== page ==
What can subordinate managers do when faced with a horrible boss? Luckily, aside from quitting, moving to a new location or denial, there are a few action strategies that employees can use to fight “horrible boss” syndrome and come up standing tall.

    1. Be Introspective

The number one strategy for facing obstacles of any sort is to be introspective. As a manager in your own right, you need to look inside yourself and ask the tough questions. Being honest with answers to questions like, “Am I truly the right fit for this job?” and, “Do I enjoy my work?” will help identify when it is time to move on. It could be that you’ve outgrown the job and clashing with a manager is simply a consequence of being ready to be promoted. It may not have to be a vertical move but a horizontal shift that can give you the chance to use different capabilities. Being introspective is key in recognizing when it is time to reevaluate a current position.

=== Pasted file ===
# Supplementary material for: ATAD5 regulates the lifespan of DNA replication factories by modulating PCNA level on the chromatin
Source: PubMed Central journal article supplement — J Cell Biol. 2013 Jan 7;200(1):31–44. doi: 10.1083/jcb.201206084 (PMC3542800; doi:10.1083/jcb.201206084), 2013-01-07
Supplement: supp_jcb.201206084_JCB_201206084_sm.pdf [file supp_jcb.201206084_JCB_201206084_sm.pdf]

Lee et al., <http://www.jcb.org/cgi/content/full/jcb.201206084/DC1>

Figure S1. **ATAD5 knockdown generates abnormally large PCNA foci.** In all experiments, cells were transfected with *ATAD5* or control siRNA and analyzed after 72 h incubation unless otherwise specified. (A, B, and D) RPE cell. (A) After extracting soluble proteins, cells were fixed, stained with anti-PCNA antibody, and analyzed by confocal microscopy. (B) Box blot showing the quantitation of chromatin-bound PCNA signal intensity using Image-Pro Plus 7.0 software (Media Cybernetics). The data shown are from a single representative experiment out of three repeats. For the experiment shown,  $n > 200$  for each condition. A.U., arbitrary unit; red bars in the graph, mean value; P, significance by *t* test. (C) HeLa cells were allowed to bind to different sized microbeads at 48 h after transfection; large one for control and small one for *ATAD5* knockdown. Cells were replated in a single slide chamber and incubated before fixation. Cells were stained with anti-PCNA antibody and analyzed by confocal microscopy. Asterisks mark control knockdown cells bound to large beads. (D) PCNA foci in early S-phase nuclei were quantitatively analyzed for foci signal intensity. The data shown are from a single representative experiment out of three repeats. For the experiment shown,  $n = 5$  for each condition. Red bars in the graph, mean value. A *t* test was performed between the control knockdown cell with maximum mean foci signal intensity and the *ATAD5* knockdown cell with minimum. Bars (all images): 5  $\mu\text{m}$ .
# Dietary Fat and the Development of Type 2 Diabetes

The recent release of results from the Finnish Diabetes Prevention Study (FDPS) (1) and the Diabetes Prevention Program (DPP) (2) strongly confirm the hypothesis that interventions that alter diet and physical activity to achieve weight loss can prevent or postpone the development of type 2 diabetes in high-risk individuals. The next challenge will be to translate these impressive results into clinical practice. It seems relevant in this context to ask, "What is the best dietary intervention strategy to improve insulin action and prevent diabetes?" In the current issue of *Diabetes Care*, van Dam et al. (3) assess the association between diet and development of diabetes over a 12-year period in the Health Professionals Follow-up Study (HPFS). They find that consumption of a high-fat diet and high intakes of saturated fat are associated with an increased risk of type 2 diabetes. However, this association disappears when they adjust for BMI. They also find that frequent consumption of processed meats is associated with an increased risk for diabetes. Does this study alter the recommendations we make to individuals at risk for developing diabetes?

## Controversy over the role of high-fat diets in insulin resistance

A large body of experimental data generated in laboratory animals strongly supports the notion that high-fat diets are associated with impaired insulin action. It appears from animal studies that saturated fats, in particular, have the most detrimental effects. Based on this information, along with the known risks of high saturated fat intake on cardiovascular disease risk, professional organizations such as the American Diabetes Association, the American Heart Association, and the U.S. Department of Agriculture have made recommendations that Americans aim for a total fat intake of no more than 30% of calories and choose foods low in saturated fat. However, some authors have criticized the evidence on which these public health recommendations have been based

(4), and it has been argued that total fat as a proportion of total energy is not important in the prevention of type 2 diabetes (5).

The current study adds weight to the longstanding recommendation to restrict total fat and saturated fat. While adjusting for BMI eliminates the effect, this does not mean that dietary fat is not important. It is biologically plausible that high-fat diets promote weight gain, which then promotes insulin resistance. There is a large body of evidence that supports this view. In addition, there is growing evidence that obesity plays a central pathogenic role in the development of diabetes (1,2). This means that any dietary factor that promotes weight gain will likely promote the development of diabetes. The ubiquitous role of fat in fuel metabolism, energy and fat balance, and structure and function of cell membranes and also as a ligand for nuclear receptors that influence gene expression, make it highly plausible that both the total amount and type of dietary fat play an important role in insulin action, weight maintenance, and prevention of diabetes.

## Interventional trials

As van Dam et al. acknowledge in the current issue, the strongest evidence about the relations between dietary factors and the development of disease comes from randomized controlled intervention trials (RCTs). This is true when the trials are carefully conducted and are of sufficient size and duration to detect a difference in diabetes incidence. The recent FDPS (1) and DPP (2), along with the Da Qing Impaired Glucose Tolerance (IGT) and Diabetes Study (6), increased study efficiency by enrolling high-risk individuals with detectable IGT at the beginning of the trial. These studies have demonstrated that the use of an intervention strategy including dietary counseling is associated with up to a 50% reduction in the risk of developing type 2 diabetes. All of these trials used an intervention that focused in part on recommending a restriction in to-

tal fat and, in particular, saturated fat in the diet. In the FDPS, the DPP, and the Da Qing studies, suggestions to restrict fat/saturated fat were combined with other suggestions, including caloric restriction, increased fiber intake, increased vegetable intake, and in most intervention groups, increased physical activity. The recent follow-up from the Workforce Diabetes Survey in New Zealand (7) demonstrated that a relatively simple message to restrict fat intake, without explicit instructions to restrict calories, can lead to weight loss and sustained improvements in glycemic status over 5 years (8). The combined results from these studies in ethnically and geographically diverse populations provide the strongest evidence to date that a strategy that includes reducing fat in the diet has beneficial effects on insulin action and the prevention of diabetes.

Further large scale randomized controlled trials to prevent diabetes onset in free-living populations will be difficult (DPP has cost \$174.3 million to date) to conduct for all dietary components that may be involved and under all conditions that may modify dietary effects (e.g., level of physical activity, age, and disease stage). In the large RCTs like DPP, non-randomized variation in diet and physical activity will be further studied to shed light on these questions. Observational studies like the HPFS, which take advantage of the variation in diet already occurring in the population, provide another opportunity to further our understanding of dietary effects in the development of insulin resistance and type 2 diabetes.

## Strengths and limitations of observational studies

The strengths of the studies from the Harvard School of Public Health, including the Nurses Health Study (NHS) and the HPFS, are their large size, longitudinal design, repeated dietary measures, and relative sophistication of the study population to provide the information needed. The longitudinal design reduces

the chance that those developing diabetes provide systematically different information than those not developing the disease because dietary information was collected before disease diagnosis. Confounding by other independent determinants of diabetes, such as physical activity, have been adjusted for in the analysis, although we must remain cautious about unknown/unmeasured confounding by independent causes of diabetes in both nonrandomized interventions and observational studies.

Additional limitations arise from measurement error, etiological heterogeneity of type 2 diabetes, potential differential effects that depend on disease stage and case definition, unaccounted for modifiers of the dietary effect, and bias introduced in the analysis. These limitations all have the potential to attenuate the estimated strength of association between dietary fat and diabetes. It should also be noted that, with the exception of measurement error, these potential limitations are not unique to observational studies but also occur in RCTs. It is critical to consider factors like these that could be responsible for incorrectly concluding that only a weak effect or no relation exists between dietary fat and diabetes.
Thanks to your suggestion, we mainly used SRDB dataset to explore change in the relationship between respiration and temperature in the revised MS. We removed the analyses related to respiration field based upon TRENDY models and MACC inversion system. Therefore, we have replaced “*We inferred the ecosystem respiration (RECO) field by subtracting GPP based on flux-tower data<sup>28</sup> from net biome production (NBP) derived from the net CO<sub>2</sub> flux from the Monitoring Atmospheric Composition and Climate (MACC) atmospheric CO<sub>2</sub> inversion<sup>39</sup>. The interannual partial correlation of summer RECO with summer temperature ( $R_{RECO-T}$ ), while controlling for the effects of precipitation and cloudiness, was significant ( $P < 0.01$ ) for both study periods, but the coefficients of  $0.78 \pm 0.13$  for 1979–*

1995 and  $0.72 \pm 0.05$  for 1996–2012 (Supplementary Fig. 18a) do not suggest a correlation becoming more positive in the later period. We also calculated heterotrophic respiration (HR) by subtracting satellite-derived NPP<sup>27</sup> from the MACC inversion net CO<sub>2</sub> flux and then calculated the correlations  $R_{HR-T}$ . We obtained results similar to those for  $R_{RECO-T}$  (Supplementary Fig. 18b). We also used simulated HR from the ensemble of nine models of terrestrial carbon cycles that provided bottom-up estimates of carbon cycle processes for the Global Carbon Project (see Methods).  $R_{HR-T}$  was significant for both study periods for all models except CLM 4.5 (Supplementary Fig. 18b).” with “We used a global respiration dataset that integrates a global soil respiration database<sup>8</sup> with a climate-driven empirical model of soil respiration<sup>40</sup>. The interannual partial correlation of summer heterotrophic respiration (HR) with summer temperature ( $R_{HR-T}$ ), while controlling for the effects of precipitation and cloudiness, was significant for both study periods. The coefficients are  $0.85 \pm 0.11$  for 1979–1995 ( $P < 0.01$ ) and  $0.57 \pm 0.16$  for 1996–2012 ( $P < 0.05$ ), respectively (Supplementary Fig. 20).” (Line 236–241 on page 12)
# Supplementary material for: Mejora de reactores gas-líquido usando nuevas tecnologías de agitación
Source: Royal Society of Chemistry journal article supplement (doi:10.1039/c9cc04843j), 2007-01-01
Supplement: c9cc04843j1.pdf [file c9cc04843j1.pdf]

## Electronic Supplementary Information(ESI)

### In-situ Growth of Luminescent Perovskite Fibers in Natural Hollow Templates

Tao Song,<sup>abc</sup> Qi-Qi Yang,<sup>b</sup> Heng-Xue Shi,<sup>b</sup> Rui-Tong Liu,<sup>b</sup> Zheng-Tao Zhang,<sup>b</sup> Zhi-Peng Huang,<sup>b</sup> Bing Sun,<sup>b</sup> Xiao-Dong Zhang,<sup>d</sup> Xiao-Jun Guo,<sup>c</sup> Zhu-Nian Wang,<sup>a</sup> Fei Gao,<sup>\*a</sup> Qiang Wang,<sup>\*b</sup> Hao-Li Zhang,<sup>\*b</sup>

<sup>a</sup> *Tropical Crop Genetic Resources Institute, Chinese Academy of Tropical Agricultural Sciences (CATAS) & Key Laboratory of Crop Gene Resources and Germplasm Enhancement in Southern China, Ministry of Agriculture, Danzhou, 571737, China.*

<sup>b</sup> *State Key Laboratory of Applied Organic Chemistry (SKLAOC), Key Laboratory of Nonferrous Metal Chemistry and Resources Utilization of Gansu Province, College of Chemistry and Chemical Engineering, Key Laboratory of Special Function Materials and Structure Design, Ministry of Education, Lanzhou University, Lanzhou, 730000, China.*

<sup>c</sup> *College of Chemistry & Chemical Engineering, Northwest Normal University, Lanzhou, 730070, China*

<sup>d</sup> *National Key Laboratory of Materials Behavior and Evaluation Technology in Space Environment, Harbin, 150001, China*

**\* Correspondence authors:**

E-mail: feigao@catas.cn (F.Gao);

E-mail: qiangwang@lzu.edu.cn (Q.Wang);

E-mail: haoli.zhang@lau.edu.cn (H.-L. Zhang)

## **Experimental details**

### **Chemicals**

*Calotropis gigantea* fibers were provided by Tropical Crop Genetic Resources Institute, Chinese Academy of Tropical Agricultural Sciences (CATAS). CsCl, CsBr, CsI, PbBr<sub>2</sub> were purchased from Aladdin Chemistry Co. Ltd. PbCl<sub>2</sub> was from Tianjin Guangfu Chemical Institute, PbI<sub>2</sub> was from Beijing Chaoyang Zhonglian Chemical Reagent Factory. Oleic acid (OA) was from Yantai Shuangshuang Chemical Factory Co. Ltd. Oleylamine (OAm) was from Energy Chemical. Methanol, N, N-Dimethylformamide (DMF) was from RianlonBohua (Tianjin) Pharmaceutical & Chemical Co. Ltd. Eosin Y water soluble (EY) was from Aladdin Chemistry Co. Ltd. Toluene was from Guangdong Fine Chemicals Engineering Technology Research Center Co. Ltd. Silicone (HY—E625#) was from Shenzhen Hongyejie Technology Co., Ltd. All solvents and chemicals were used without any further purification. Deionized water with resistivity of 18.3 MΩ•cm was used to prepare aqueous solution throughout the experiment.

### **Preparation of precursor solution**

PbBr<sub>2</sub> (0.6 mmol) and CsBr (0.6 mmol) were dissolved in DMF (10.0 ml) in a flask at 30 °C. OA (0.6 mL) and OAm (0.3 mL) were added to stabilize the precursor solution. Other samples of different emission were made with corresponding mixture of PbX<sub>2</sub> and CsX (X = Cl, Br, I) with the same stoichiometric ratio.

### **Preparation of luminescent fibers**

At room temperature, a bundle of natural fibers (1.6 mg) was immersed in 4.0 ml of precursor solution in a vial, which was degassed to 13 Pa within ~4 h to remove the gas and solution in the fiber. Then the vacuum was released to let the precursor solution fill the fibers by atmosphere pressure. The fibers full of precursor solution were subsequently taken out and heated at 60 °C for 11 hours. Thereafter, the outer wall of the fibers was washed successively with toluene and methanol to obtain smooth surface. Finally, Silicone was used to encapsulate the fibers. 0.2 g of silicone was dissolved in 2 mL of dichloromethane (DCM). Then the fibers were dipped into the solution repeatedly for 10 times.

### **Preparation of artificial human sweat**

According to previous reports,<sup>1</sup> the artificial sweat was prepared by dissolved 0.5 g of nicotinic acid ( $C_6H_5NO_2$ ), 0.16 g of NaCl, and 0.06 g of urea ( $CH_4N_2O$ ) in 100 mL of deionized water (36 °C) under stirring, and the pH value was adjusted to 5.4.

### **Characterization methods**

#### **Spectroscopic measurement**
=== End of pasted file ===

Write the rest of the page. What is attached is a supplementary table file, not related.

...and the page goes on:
1. Be Proactive, Not Reactive

What can we learn from the Covey’s 7 Habits of Highly Effective People? Simply that being proactive rather than reactive can help you make better choices in terms of receiving negative stimulus, ingesting it and using it in a positive way. Covey’s insight is critical for learning how to more effectively deal with a tumultuous relationship and for understanding the negative implications of letting a sour relationship incubate. Deal with the situation by exploring alternatives that you yourself can control, and you will always identify a healthier approach.

    1. Explore Your Sphere of Control

Another excellent strategy for dealing with a horrible boss comes from Shana Johnson’s work on understanding and exploring sphere of control. If you are currently in a situation in your employment that’s not tolerable, write down the specific factors that are causing you to feel this way and identify which ones you have control over. For those things you can control, identify possibilities for how to remedy the situation.